Chapter 9

      Ella arrived in Minsk few days before I left Lida . She managed to register at the Medical School and to move to a dormitory. We shared a room with two girls. One was a single woman with a child. Tamara left her daughter with her brother’s family in Kiev. Tamara was not only very attractive, but she was a smart and hard working student. I paired off with her to study together. Ella studied with another girl. Our roommates became also our friends. The dormitory housed girls and boys. The rooms were on the same corridor From time to time we went to dances. We took our meals in a cafeteria. There were no cooking facilities at the dormitory. The Medical School was located within the University campus. The buildings were modern and the laboratories were well equipped. Minsk was a beautiful old city. Some of the streets were rebuilt into boulevards. Our dormitory was on a wide street named Karl Marx Street. It was a short distance from the University campus. We were in correspondence with mother in Lida and with father in Izma, Komi Republic.

Academic life in Minsk was busy. We were doing well in exams. I have letters written to the Gulag to father. He saved few.   I carried these letters as well as mothers letters to father all the way from Gulag to Tashkent, to Krakow and finally New York. These letters were written in 1940 to June 1941.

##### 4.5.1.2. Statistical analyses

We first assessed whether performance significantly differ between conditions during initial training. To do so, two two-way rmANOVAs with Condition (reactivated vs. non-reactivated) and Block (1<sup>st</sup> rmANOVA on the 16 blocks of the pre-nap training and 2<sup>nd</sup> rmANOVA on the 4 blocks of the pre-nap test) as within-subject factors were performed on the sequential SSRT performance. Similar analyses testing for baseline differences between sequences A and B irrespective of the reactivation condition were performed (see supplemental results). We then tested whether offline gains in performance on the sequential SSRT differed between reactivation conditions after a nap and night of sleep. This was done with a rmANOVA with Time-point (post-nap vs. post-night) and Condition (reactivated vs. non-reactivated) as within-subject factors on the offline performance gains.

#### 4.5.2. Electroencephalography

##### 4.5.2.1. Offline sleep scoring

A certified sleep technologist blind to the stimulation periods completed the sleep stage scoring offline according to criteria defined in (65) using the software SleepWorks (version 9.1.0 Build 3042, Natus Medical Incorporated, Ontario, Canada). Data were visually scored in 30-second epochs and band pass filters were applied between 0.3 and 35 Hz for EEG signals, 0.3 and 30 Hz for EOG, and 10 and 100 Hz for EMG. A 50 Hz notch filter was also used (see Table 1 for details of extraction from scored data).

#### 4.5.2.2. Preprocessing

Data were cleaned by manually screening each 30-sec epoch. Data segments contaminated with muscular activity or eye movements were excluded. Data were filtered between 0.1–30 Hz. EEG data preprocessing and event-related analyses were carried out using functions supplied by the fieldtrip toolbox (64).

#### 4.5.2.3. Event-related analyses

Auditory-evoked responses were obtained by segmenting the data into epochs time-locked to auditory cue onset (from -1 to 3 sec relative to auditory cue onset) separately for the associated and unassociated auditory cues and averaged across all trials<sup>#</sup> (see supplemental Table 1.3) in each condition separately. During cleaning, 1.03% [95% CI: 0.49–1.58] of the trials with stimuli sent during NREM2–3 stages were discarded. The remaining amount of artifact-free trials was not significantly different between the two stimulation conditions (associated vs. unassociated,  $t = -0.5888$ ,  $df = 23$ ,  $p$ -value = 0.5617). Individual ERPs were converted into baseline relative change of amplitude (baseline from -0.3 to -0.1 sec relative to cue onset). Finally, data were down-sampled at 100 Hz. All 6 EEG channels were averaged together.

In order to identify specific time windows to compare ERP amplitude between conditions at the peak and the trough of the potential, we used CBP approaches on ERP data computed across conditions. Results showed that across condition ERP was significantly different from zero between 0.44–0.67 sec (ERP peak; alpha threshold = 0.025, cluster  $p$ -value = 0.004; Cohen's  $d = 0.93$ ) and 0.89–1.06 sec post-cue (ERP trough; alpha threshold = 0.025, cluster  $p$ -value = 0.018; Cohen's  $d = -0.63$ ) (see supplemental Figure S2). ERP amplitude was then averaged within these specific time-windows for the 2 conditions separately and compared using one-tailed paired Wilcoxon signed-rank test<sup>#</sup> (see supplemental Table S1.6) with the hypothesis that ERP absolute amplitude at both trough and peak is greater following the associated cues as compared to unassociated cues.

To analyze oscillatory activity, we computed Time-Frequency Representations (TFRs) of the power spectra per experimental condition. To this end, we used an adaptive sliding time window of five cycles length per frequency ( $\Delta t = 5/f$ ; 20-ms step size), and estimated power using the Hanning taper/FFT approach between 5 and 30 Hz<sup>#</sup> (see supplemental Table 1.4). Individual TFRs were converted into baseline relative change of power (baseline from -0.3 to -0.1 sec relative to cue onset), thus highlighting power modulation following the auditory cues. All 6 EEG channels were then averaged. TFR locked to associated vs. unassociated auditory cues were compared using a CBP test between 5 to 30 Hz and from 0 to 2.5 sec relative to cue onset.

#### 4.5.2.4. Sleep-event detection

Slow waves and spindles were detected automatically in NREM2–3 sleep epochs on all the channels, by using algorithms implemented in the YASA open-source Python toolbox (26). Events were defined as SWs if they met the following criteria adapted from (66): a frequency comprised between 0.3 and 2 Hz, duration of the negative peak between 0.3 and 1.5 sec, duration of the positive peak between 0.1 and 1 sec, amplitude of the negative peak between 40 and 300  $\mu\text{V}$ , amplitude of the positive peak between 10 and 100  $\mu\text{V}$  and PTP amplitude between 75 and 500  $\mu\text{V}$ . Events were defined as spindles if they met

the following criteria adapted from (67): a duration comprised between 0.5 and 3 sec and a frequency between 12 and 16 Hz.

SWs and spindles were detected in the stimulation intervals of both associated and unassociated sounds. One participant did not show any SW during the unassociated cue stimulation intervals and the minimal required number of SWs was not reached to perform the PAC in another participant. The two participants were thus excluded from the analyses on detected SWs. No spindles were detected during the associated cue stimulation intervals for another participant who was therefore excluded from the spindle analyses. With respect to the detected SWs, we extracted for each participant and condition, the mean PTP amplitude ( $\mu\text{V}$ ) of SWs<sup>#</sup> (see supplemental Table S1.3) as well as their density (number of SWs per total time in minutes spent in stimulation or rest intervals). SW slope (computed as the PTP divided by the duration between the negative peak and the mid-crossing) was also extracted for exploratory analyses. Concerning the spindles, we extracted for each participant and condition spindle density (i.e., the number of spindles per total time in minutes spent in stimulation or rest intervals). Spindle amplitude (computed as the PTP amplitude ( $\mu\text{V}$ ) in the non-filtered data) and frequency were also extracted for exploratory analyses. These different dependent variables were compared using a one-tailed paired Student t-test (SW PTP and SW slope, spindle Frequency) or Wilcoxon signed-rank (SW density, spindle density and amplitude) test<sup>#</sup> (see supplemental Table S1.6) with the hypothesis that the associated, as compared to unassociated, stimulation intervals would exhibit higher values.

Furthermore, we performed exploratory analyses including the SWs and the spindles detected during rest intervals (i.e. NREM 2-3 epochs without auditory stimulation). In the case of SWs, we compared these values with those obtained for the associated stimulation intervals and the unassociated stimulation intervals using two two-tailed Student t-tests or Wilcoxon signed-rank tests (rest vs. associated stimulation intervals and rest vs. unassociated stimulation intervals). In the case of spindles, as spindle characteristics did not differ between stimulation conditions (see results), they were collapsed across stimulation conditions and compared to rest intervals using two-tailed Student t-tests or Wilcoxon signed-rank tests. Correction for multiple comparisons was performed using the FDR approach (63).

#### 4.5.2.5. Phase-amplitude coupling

In Minsk, we found two friends from Lida.  A fellow student from Gymnasium, Calka Orzechowski, and a young woman from Wilno, Bunia. Bunia was a seamstress. Before the 1939 war begun, Bunia was our family seamstress. The seamstress, at that time, was hired for a week or longer to work in the customer’s home. Bunia’s family lived in Vilna. Her father and her brother were employed in a factory, producing the radios “ELECTRIT”. When the Soviets left Vilna, they dismantled the factory and took along all the important equipment, the material and the specialists in the field of  production. These workers were given special privileges in Minsk. They were provided with good housing and were able to shop in a special store, where only the privileged were allowed to shop. These special stores had more and better articles, and were closed to outsiders. Each large factory had this kind of store. Salaries in the Soviet Union were low and not enough to feed and to dress a family. The incentive to work in a factory was the possibility to buy food and clothing in the special stores. Years later, in Tashkent, father got a position as doctor in a factory, and it helped us tremendously. Bunia was not much older than I was.  She visited us in the dormitory and we became friends. We wrote letters to father often. It was, however, an agreement that he did not write to us, only to mother. We did not want anyone to know that Father was in a Gulag as a political prisoner. The family of a political prisoner was always in danger of persecution. Mother was right to get us out from Lida. In Minsk our life was the normal life of a student in the Soviet Union. The University was free and we were getting a small stipend. We were, also, able to have meals in the cafeteria. If one can call this a stable, normal life, it was as long as it lasted. Mother received a permit to visit father in the Gulag. It was a big accomplishment. She was supposed to be in Minsk on June 26. She never made it.

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